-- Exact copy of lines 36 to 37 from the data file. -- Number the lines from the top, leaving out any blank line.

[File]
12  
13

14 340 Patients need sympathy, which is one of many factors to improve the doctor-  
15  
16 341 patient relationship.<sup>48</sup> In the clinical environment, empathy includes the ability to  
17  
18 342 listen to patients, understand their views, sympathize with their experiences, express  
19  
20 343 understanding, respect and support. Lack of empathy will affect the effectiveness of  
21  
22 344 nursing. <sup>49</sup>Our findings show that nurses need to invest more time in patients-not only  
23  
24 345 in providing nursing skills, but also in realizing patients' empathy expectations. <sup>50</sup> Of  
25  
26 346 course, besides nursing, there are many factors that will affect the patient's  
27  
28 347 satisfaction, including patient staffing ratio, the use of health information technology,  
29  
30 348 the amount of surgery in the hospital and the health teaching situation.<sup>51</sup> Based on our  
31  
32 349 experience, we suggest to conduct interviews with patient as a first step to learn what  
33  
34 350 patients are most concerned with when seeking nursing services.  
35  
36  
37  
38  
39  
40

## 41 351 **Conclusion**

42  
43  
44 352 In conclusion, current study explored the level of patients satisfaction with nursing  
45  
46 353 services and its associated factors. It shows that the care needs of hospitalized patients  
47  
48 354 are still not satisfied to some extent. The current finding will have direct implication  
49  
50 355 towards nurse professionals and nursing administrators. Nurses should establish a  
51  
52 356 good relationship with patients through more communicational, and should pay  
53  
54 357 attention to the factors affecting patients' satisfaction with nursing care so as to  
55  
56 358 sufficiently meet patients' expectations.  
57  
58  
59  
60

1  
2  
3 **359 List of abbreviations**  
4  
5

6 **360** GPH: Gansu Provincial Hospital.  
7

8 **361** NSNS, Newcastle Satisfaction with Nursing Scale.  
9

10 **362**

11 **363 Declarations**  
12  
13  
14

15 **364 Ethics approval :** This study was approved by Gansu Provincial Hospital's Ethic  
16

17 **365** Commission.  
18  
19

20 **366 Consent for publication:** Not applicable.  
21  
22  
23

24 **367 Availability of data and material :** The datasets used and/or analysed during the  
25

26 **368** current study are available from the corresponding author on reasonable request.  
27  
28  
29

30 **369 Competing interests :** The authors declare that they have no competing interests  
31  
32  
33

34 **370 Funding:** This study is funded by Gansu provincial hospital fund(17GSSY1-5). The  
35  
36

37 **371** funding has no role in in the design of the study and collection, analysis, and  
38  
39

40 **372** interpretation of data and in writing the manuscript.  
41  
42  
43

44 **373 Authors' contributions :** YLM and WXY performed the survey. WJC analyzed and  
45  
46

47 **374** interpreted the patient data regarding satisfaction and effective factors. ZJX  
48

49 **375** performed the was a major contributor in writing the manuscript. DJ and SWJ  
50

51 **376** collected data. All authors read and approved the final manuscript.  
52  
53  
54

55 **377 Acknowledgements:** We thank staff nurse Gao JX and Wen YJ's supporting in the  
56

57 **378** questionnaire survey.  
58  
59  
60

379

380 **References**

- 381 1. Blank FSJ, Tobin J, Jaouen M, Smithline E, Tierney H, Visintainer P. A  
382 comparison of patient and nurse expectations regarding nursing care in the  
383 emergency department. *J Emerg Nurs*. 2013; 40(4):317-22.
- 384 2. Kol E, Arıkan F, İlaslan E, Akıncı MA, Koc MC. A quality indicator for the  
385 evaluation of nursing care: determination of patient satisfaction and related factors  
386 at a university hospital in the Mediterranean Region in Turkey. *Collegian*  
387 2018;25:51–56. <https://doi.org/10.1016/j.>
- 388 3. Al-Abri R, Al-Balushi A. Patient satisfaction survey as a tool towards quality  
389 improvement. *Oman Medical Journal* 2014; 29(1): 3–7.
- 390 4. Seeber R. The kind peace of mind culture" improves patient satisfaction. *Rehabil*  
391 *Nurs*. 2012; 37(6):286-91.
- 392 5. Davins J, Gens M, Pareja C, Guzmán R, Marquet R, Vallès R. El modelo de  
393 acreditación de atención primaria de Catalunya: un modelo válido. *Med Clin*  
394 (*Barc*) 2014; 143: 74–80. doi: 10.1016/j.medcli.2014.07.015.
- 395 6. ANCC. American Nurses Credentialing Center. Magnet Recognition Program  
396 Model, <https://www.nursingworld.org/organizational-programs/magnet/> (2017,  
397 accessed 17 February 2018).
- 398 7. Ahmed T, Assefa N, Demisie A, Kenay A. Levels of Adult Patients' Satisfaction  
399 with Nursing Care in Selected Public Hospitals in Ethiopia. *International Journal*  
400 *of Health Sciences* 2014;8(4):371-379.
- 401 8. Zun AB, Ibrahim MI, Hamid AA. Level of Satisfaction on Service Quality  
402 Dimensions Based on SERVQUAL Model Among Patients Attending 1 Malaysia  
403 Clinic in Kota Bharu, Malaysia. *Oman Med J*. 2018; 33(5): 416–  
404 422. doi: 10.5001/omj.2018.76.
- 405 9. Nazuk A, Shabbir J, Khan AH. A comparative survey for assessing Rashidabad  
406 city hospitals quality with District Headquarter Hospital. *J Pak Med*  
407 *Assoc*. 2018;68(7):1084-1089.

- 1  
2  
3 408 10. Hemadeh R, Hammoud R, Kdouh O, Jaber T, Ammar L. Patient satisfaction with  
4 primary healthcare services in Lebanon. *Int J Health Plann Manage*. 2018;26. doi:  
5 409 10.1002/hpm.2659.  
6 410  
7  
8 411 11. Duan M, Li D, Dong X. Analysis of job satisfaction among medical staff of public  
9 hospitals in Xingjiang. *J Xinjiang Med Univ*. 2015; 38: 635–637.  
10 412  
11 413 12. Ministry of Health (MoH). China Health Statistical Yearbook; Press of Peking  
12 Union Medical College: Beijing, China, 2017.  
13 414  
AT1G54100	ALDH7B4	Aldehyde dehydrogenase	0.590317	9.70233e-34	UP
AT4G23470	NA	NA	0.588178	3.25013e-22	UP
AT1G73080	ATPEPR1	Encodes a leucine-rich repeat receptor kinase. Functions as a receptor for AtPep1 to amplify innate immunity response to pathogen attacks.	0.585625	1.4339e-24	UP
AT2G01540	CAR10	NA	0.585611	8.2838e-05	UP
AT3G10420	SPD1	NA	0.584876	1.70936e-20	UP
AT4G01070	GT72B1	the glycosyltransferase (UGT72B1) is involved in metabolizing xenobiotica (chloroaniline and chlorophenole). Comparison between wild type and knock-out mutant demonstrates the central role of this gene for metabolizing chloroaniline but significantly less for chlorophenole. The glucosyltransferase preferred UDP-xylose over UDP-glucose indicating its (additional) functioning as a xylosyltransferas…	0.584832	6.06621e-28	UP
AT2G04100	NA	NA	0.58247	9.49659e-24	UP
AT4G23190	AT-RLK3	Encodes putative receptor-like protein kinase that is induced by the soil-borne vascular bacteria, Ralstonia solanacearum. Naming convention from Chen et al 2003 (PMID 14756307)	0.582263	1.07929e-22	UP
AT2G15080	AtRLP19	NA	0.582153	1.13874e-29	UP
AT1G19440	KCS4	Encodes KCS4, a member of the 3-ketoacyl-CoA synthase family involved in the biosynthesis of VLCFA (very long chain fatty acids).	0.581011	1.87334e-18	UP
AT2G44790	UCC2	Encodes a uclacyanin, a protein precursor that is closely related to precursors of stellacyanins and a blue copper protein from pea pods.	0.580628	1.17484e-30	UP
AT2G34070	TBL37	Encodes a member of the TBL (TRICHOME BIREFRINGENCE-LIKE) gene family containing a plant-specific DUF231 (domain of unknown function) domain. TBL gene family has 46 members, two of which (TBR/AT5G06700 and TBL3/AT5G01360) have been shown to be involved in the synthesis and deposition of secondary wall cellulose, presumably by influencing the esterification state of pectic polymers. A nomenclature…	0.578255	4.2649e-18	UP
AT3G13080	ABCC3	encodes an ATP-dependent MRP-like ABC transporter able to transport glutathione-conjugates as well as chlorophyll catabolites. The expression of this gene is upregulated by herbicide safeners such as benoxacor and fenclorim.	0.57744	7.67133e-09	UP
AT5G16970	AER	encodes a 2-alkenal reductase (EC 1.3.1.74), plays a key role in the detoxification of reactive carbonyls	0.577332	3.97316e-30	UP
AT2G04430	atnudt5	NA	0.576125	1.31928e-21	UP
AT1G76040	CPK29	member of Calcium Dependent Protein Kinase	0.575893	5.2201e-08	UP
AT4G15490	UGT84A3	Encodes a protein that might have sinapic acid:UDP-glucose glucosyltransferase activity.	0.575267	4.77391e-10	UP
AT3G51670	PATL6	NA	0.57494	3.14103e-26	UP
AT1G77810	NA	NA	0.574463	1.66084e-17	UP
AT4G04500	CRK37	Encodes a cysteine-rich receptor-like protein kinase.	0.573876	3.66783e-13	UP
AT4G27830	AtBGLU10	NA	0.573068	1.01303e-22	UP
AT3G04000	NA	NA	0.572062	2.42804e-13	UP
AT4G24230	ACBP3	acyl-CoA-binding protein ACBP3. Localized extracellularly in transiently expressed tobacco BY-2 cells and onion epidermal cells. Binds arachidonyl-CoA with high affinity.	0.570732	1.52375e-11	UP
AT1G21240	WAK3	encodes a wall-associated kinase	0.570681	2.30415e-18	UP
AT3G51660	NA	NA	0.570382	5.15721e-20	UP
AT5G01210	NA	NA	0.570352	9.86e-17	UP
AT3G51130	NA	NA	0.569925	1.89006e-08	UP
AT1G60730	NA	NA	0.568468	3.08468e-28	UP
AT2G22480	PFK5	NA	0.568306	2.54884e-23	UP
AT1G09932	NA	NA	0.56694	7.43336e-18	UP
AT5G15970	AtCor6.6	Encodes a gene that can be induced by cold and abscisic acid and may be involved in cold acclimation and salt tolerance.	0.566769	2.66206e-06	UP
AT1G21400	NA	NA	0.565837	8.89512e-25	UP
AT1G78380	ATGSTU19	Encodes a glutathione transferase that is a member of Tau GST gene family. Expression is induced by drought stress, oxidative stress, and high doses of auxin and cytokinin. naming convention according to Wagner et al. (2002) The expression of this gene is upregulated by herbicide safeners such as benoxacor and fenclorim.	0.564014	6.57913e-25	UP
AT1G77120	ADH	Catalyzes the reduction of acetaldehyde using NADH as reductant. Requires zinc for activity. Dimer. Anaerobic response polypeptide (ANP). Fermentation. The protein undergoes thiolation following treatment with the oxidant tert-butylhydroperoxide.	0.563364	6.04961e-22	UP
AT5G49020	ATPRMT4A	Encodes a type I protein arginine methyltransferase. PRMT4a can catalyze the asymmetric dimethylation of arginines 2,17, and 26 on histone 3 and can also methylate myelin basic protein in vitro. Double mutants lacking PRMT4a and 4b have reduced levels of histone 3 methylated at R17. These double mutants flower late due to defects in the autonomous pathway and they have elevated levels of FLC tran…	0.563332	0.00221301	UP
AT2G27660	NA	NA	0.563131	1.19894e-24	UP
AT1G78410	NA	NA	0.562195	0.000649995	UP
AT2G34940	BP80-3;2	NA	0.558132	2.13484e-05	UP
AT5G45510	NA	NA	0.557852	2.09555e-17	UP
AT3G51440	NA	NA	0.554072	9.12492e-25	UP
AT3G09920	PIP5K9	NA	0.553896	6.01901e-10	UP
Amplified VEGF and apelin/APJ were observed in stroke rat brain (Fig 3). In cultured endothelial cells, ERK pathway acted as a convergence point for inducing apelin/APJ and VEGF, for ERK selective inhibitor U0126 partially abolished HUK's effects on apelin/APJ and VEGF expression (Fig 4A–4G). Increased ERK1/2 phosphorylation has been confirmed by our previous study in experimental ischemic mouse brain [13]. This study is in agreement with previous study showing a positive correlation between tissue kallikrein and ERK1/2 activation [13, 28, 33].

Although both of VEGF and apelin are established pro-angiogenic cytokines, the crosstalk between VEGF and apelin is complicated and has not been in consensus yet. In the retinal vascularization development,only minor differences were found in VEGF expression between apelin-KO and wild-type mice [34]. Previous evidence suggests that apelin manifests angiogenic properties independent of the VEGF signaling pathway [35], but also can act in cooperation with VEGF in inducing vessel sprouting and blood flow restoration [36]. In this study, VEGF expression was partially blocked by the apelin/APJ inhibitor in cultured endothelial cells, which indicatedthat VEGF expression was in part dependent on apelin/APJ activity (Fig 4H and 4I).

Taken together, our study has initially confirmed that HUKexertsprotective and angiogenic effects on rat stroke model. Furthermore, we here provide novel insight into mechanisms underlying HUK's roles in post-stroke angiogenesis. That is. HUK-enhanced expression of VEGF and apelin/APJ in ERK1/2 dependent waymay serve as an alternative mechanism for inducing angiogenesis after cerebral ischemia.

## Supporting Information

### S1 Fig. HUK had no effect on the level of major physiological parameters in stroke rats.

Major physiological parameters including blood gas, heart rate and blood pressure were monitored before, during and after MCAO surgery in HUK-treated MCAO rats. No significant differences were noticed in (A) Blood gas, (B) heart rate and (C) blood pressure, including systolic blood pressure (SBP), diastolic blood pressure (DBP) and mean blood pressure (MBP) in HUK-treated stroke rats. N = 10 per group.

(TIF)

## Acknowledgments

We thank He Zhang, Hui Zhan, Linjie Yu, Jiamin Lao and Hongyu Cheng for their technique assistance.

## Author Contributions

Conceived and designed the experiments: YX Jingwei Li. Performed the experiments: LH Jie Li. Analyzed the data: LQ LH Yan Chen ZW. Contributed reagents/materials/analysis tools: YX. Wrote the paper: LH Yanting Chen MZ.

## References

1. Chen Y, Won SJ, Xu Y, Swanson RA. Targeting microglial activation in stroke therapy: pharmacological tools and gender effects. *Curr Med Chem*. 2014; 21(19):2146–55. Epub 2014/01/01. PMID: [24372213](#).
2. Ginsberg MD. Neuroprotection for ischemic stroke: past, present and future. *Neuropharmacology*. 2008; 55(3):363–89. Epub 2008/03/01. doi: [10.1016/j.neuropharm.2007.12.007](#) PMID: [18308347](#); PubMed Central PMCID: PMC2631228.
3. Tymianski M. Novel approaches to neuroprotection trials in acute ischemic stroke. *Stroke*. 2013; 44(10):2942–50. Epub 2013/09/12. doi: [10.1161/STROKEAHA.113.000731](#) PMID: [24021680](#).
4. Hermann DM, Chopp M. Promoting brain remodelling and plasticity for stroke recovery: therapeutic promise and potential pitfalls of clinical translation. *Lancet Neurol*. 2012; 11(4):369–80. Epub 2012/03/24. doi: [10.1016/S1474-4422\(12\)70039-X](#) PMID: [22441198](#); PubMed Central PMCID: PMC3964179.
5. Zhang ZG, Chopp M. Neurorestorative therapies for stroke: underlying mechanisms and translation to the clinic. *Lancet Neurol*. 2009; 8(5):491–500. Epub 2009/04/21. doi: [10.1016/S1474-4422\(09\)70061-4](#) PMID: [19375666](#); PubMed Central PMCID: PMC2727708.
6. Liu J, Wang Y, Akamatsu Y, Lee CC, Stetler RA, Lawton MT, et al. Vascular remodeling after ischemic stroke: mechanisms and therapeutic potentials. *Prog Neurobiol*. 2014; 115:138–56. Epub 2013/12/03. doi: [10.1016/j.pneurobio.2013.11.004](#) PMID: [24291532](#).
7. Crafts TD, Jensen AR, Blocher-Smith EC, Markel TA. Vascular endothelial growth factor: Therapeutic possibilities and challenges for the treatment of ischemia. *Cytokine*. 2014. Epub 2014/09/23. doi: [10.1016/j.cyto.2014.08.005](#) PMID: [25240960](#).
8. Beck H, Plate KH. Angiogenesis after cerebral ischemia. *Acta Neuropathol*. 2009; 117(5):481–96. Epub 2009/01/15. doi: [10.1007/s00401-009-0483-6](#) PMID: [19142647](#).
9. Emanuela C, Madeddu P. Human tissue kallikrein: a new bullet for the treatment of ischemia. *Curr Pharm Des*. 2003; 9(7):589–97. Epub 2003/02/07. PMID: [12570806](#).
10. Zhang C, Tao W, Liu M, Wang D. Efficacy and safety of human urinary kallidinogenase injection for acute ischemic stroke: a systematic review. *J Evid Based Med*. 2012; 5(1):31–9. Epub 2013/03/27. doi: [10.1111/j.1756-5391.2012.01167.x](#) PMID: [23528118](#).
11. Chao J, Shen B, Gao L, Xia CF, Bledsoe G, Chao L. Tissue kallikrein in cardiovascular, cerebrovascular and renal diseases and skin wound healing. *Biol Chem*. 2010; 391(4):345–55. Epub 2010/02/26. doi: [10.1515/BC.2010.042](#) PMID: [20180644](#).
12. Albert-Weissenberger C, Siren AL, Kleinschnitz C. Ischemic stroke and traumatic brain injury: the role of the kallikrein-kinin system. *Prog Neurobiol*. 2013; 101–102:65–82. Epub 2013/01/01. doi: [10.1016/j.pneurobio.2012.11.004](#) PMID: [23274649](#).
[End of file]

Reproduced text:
47  
48 354 are still not satisfied to some extent. The current finding will have direct implication  